In an interview with the magazine "Global Business Reports" Yerkyn Amirhanov, President of Central-Asian Electric Power Corporation JSC, spoke about the company's investment strategy and shared his vision of the development of Kazakhstan's energy sector.

What changes have you observed in the power sector over the past couple of years?

Kazakhstan’s power sector has been evolving significantly. In the 2000s, the country’s economy showcased a good growth rate, with also resulted in an annual growth of 5% to 7% in energy consumption. At that time, it was becoming apparent that there was a deficit of power production in the country. Additionally, most power was being generated using outdated equipment. To solve this problem, the government introduced a program called ‘Tariff in exchange for investment’ in 2008. Within this program’s framework, all power companies were divided into 13 groups, each of which received a fixed tariff for the following seven years. The annual tariff increase was 18% to 20%. The program provided strong incentives for the production of new generation capacity and the modernization of existing equipment. As a result, production capacity increased by 30%. The ‘Tariff in exchange for investment’ program was designed for 2008-2015, and as of January 1st 2016, we were supposed to adopt new legislation, or the so-called Electricity Market, to help develop new generation capacity and create new power plants. However, in recent years, the growth of energy consumption has significantly showed, and the government postponed the introduction of the legislation for another three years. Thus, the tariffs for 2016-2018 will be fixed at the same level as those of 2015.

With regards to CAEPCO, in 2007 we began working with the European Bank for Reconstruction and Development (EBRD). EBRD became a large shareholder, owning 24% of CAEPCO’s shares in 2009. Working with such a large institutional investor allowed us to implement an investment program to modernize our assets.

How attractive are current tariffs for international investors?

Tariffs are calculated based on operational costs. Every layer in the market signs an investment agreement with the Ministry of Energy that specifies an amount that will be produced and the amount that will be sold, as well as the level of investment. In the following three years, the investment component of the tariff will be gradually reduced taking into consideration the level of inflation.

CAEPCO’s is satisfies with the current tariffs. We are expecting the wear-and-tear rate of equipment will be reduced from 80% in 2008 to 39% in 2018. In the coming three years, we will continue to improve this rate. In the past years, our operational costs were growing at the same rate as inflation, and the investment component was growing much faster, which is why our rate of investment in 2015 is significant enough to finish our development plans.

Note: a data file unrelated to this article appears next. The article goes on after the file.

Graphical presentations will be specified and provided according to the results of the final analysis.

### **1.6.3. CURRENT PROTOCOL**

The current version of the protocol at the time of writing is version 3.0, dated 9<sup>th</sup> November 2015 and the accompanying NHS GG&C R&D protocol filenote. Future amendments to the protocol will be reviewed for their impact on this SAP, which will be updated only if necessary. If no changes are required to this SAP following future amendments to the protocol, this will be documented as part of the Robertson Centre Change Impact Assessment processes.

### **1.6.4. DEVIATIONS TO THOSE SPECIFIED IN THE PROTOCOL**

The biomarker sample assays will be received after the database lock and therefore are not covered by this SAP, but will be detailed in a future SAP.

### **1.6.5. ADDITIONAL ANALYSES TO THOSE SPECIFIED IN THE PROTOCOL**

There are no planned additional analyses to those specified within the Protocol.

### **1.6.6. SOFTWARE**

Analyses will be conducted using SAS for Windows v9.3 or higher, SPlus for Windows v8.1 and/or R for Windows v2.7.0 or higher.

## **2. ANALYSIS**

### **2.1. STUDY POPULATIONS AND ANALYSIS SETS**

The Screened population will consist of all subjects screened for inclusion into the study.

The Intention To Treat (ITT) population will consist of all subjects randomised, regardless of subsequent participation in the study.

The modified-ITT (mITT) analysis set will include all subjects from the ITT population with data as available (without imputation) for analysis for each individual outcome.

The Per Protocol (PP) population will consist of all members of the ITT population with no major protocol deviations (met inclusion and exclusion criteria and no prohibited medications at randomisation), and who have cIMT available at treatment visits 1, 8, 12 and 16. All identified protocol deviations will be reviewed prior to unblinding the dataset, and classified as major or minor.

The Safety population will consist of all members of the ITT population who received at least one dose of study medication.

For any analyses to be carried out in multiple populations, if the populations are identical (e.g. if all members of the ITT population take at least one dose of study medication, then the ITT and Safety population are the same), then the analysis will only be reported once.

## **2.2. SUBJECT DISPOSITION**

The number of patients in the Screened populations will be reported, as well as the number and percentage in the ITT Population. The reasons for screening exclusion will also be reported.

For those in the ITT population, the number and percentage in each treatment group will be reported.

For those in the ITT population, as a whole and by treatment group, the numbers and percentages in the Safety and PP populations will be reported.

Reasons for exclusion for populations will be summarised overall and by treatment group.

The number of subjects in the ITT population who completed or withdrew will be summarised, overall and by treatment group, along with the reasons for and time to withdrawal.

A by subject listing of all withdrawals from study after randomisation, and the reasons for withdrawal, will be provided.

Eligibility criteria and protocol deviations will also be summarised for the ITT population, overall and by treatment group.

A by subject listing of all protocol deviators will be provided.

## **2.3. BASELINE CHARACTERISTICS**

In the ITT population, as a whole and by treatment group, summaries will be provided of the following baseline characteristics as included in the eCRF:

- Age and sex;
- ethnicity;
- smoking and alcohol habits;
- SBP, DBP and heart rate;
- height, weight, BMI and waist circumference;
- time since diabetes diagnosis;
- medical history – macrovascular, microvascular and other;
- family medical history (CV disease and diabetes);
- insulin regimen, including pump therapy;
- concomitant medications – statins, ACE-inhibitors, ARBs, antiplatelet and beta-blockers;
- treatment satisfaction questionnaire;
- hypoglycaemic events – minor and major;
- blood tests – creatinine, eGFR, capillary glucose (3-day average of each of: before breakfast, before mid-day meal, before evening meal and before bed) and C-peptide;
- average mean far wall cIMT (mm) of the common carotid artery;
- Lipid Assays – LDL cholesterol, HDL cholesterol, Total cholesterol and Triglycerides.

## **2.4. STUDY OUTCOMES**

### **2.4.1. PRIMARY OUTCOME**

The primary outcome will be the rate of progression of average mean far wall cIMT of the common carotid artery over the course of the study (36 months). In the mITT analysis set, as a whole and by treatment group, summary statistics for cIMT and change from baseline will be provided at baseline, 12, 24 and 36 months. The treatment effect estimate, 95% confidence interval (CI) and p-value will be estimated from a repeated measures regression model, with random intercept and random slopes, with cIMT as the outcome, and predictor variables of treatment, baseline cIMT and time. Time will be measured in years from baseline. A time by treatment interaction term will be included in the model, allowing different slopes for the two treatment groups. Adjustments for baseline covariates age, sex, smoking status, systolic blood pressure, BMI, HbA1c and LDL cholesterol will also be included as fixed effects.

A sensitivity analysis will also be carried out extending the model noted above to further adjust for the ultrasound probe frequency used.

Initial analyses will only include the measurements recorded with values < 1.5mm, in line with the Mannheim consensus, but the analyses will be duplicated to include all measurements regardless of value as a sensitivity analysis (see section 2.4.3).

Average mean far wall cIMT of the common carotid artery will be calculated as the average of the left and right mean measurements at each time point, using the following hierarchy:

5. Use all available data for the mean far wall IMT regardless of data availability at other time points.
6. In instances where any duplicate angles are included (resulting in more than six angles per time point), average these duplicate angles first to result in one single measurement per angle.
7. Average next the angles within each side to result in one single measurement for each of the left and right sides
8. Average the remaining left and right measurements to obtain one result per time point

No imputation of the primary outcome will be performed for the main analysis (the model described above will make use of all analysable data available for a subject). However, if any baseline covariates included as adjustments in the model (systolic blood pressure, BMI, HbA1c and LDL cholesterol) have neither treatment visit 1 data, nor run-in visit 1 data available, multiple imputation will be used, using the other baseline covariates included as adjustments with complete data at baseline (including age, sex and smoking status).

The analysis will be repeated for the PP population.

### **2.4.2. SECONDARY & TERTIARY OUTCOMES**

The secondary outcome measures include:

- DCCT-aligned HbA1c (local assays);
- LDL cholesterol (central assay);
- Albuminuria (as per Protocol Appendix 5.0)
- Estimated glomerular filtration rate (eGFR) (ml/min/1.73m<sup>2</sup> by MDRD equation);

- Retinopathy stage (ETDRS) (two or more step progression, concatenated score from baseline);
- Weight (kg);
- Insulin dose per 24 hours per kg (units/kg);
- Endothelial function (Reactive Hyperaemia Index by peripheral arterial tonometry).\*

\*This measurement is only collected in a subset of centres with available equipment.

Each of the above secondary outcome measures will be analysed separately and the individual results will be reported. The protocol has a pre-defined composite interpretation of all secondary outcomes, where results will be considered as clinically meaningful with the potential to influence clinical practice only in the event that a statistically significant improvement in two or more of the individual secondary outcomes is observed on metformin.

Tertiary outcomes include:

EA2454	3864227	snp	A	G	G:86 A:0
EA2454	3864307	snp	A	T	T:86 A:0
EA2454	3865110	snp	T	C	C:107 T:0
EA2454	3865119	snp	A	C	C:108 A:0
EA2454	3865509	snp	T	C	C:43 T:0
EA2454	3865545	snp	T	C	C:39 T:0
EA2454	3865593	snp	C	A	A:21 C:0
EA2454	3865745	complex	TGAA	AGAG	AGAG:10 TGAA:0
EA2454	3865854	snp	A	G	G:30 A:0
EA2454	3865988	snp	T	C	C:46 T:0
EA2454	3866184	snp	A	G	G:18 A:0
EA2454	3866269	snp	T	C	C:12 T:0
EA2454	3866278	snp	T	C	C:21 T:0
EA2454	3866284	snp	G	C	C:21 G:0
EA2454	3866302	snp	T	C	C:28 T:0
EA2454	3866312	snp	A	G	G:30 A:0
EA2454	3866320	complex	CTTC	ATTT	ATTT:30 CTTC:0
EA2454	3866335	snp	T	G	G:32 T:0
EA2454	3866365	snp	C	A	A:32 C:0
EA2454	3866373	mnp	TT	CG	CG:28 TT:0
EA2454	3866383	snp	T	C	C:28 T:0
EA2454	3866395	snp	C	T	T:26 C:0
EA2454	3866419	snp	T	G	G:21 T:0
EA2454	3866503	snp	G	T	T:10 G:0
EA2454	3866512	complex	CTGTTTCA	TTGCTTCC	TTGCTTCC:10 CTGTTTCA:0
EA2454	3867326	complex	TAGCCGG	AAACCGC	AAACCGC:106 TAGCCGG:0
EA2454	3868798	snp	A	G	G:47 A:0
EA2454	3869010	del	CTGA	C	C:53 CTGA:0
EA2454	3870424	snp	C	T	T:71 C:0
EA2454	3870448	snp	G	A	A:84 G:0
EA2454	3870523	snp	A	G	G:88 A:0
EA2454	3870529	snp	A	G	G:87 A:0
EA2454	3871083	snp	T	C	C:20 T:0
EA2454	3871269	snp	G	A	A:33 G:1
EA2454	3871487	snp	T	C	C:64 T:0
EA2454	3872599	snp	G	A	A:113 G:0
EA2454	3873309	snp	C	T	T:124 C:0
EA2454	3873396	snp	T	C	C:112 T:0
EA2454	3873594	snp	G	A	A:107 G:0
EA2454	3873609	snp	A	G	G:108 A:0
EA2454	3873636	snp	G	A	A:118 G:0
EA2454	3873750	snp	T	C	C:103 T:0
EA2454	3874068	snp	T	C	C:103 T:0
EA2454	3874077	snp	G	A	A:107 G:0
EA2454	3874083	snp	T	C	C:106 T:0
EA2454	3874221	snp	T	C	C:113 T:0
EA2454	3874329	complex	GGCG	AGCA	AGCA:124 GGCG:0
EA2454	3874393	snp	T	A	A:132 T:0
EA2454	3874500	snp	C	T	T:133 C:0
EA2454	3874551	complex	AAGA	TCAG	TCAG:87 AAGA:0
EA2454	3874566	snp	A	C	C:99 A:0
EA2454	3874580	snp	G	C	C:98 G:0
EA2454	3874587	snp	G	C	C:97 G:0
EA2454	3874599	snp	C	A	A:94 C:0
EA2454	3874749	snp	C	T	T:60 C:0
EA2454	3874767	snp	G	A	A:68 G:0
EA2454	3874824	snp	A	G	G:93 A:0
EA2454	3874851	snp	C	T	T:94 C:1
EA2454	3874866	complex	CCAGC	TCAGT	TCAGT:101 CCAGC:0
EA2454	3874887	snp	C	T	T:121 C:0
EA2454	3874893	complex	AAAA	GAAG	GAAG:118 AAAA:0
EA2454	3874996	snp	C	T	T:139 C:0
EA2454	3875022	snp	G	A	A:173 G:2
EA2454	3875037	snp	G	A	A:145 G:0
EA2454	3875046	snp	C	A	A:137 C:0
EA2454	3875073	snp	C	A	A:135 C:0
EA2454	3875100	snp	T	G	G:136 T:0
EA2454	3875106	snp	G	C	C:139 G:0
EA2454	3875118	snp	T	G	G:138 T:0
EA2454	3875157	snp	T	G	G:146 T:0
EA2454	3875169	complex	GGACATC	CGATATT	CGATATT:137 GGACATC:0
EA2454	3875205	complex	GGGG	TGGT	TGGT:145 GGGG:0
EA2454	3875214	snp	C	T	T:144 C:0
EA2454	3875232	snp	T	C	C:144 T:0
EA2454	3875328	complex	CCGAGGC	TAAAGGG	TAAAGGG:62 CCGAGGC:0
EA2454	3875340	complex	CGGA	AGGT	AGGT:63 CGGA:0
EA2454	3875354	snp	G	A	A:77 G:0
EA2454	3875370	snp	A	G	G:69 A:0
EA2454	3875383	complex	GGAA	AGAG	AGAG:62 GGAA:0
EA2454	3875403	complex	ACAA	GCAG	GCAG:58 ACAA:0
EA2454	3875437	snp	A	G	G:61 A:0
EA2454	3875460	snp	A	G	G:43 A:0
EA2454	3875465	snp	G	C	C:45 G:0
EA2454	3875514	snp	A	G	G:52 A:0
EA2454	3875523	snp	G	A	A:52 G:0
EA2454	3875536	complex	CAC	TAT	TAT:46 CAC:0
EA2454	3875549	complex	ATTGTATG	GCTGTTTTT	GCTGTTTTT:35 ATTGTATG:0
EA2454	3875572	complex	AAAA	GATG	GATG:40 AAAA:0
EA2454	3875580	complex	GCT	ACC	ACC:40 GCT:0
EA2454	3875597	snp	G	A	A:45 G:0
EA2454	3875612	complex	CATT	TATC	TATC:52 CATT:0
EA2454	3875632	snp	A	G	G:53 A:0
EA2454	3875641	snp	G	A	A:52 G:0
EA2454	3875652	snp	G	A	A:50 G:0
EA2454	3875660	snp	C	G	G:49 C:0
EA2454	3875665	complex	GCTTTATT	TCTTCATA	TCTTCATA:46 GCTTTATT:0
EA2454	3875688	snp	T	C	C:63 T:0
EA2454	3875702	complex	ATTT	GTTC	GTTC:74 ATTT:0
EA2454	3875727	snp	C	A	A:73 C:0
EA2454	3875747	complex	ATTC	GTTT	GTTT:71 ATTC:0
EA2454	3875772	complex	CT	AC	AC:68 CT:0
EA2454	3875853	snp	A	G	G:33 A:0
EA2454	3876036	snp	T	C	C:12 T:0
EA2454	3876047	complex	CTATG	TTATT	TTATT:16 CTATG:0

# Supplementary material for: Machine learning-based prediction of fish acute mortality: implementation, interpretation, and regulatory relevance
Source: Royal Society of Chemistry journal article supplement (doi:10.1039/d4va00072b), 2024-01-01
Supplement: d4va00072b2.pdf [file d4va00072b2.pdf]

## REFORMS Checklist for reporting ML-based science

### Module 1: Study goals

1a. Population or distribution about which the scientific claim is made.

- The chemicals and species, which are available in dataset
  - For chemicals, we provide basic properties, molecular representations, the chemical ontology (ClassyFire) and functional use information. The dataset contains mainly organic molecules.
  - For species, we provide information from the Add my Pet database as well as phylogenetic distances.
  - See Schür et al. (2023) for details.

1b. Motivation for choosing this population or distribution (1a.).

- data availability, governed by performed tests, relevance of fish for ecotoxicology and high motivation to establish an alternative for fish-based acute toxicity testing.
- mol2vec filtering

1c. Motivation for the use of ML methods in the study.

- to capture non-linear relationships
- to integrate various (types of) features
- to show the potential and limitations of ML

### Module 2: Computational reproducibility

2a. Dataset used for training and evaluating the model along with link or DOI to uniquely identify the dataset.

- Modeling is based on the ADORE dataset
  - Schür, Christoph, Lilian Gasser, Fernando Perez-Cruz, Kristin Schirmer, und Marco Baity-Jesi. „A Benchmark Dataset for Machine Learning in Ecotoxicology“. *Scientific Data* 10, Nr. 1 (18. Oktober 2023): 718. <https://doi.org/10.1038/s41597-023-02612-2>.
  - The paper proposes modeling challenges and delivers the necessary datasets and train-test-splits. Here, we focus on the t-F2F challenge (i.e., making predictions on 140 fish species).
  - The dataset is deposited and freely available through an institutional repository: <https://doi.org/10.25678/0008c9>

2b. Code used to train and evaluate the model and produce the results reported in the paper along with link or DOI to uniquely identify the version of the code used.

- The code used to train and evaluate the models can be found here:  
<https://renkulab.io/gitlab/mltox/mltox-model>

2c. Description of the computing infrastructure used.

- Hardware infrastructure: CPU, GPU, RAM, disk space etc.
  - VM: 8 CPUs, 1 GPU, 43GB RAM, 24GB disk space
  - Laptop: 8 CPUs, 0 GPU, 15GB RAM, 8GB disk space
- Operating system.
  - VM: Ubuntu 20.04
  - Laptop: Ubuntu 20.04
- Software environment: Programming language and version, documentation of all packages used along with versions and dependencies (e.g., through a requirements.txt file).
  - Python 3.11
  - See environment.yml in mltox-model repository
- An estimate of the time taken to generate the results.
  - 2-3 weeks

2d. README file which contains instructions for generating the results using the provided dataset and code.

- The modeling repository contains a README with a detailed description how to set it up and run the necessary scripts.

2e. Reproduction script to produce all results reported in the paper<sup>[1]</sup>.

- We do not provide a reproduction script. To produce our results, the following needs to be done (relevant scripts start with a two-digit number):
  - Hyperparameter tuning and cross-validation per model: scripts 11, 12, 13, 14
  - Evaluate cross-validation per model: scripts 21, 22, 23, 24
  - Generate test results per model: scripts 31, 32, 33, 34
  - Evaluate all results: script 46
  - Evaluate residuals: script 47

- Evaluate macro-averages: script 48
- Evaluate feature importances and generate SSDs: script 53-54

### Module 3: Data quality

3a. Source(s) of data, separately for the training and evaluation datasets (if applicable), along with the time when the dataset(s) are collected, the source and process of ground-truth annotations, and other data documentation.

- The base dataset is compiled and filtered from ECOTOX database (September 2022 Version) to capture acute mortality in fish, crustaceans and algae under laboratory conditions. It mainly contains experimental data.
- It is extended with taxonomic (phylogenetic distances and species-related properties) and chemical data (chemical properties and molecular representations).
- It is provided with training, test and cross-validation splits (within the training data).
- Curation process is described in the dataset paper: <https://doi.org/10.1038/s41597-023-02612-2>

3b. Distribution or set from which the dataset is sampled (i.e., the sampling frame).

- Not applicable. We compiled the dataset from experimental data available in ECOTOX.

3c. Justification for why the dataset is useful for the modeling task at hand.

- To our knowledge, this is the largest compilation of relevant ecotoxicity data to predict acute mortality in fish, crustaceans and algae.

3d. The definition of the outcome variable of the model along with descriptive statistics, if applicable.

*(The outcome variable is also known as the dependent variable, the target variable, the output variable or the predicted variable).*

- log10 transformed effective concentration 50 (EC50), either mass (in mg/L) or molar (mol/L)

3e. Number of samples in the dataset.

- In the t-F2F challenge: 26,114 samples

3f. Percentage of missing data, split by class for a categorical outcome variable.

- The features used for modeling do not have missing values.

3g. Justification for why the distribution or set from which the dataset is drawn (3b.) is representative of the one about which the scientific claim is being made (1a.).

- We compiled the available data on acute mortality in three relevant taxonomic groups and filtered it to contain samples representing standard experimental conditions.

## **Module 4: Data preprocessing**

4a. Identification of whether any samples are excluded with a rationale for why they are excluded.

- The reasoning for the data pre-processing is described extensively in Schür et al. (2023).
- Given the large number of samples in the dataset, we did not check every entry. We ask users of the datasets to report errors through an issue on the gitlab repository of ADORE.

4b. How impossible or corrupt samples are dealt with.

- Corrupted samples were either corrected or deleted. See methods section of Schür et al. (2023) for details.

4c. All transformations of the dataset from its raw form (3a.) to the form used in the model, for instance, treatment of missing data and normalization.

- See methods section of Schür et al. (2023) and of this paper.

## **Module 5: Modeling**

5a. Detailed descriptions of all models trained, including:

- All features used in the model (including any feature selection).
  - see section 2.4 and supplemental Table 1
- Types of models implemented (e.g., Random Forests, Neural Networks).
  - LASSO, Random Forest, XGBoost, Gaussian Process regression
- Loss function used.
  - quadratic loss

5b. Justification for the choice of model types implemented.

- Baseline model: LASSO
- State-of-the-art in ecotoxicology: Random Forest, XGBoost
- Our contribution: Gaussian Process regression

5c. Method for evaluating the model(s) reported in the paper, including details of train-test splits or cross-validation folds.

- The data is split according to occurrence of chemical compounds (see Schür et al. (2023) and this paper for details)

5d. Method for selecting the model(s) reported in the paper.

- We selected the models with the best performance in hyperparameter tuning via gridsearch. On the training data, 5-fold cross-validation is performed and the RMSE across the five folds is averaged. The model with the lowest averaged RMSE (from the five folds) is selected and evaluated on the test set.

Please tell us more about CAEPCO’s investment program.

During the process of developing our investment program with the EBRD, CAEPCO focused on modernizing its production capacity, which currently amounts to 940 megawatts. Our program has three key directions. First, we will replace our generators (our newest power station is 40 years old). We dismantled old equipment, which allowed us to lower our operational costs. CAEPCO has combined power plants, which produce heat in addition to electricity. As we mainly work in northern regions, where homes are centrally heated for almost seven months a year, it is important to consider production of heat. Second, we will be reducing the amount of electricity lost during distribution. Our company is vertically integrated and operates in three regions, covering over 50 thousand square kilometers of the grid from 110 kilowatts and lower, which makes us the largest transmission and distribution company in Kazakhstan in terms of grid capacity. The third pillar of our investment program is focused on the environment. When we acquired our assets during the privatization period, they were harmful towards the environment. However, we managed to significantly decrease harmful waste and currently we are one of the leading companies in terms of environmentally friendly production.

Is CAEPCO planning to export electricity in the near future?

Thanks to our access to retailers, CAEPCO is able to sell everything it produces. At the same time, we are one of the few layers on the Kazakh power market that has the technological capacity to export to Russia, avoiding the national grid operator. However, because of the devaluation of the Russian ruble, at this moment it is not economical to export to Russia.

How will the power sector evolve over the next three to five years in Kazakhstan?

Kazakhstan has huge reserves of extremely cheap coal, which will remain the key source of power. New technological solutions are effective enough, and therefore we aim to use the most advanced technology in the field of coal-power generation. Green energy will also develop, but its implementation will depend on both market and political factors. In western Kazakhstan, gas-powered stations will play an important role.

Where do you envision CAEPCO in three to five years?

CAEPCO will continue to work towards decreasing its operational costs and improving productivity. Currently, we are focusing on several development projects, as well as increasing our generation and transmission capacity. In the coming years, we will try to maintain and strengthen our position as the largest private operator in Kazakhstan.